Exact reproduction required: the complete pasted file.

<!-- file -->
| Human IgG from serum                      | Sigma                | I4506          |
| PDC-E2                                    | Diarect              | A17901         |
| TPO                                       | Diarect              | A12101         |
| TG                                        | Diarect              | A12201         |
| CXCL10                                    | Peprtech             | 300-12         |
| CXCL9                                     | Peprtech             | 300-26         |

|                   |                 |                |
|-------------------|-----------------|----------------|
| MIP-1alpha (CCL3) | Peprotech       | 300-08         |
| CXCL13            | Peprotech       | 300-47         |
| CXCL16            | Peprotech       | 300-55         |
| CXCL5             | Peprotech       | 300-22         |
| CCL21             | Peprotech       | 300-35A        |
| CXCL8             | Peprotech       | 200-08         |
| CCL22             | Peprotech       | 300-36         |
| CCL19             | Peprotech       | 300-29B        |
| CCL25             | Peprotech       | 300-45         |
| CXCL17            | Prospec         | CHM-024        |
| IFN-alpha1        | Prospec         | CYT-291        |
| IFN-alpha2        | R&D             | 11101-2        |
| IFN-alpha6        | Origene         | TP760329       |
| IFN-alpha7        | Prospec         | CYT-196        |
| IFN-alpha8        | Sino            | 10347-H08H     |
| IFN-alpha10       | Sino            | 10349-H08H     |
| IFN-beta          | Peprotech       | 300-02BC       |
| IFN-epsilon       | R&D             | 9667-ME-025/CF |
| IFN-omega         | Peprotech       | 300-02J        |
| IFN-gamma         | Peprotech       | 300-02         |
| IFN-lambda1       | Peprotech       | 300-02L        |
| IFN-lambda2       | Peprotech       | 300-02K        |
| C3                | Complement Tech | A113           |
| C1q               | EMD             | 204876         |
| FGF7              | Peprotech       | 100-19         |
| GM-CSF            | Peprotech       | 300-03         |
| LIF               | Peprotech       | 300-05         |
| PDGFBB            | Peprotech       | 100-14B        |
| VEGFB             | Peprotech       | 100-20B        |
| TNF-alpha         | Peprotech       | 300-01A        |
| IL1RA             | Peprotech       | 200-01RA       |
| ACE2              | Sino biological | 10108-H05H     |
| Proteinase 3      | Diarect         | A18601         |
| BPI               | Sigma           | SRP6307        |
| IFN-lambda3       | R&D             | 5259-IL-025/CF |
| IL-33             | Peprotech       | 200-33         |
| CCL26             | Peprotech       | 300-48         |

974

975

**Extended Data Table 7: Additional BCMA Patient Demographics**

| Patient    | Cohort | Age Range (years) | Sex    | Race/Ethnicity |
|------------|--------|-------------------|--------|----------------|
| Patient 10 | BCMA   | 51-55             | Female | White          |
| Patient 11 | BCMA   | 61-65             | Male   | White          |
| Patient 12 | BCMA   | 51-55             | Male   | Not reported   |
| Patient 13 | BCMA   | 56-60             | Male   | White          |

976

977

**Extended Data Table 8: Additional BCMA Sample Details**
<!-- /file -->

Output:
| Human IgG from serum                      | Sigma                | I4506          |
| PDC-E2                                    | Diarect              | A17901         |
| TPO                                       | Diarect              | A12101         |
| TG                                        | Diarect              | A12201         |
| CXCL10                                    | Peprtech             | 300-12         |
| CXCL9                                     | Peprtech             | 300-26         |

|                   |                 |                |
|-------------------|-----------------|----------------|
| MIP-1alpha (CCL3) | Peprotech       | 300-08         |
| CXCL13            | Peprotech       | 300-47         |
| CXCL16            | Peprotech       | 300-55         |
| CXCL5             | Peprotech       | 300-22         |
| CCL21             | Peprotech       | 300-35A        |
| CXCL8             | Peprotech       | 200-08         |
| CCL22             | Peprotech       | 300-36         |
| CCL19             | Peprotech       | 300-29B        |
| CCL25             | Peprotech       | 300-45         |
| CXCL17            | Prospec         | CHM-024        |
| IFN-alpha1        | Prospec         | CYT-291        |
| IFN-alpha2        | R&D             | 11101-2        |
| IFN-alpha6        | Origene         | TP760329       |
| IFN-alpha7        | Prospec         | CYT-196        |
| IFN-alpha8        | Sino            | 10347-H08H     |
| IFN-alpha10       | Sino            | 10349-H08H     |
| IFN-beta          | Peprotech       | 300-02BC       |
| IFN-epsilon       | R&D             | 9667-ME-025/CF |
| IFN-omega         | Peprotech       | 300-02J        |
| IFN-gamma         | Peprotech       | 300-02         |
| IFN-lambda1       | Peprotech       | 300-02L        |
| IFN-lambda2       | Peprotech       | 300-02K        |
| C3                | Complement Tech | A113           |
| C1q               | EMD             | 204876         |
| FGF7              | Peprotech       | 100-19         |
| GM-CSF            | Peprotech       | 300-03         |
| LIF               | Peprotech       | 300-05         |
| PDGFBB            | Peprotech       | 100-14B        |
| VEGFB             | Peprotech       | 100-20B        |
| TNF-alpha         | Peprotech       | 300-01A        |
| IL1RA             | Peprotech       | 200-01RA       |
| ACE2              | Sino biological | 10108-H05H     |
| Proteinase 3      | Diarect         | A18601         |
| BPI               | Sigma           | SRP6307        |
| IFN-lambda3       | R&D             | 5259-IL-025/CF |
| IL-33             | Peprotech       | 200-33         |
| CCL26             | Peprotech       | 300-48         |

974

975

**Extended Data Table 7: Additional BCMA Patient Demographics**

| Patient    | Cohort | Age Range (years) | Sex    | Race/Ethnicity |
|------------|--------|-------------------|--------|----------------|
| Patient 10 | BCMA   | 51-55             | Female | White          |
| Patient 11 | BCMA   | 61-65             | Male   | White          |
| Patient 12 | BCMA   | 51-55             | Male   | Not reported   |
| Patient 13 | BCMA   | 56-60             | Male   | White          |

976

977

**Extended Data Table 8: Additional BCMA Sample Details**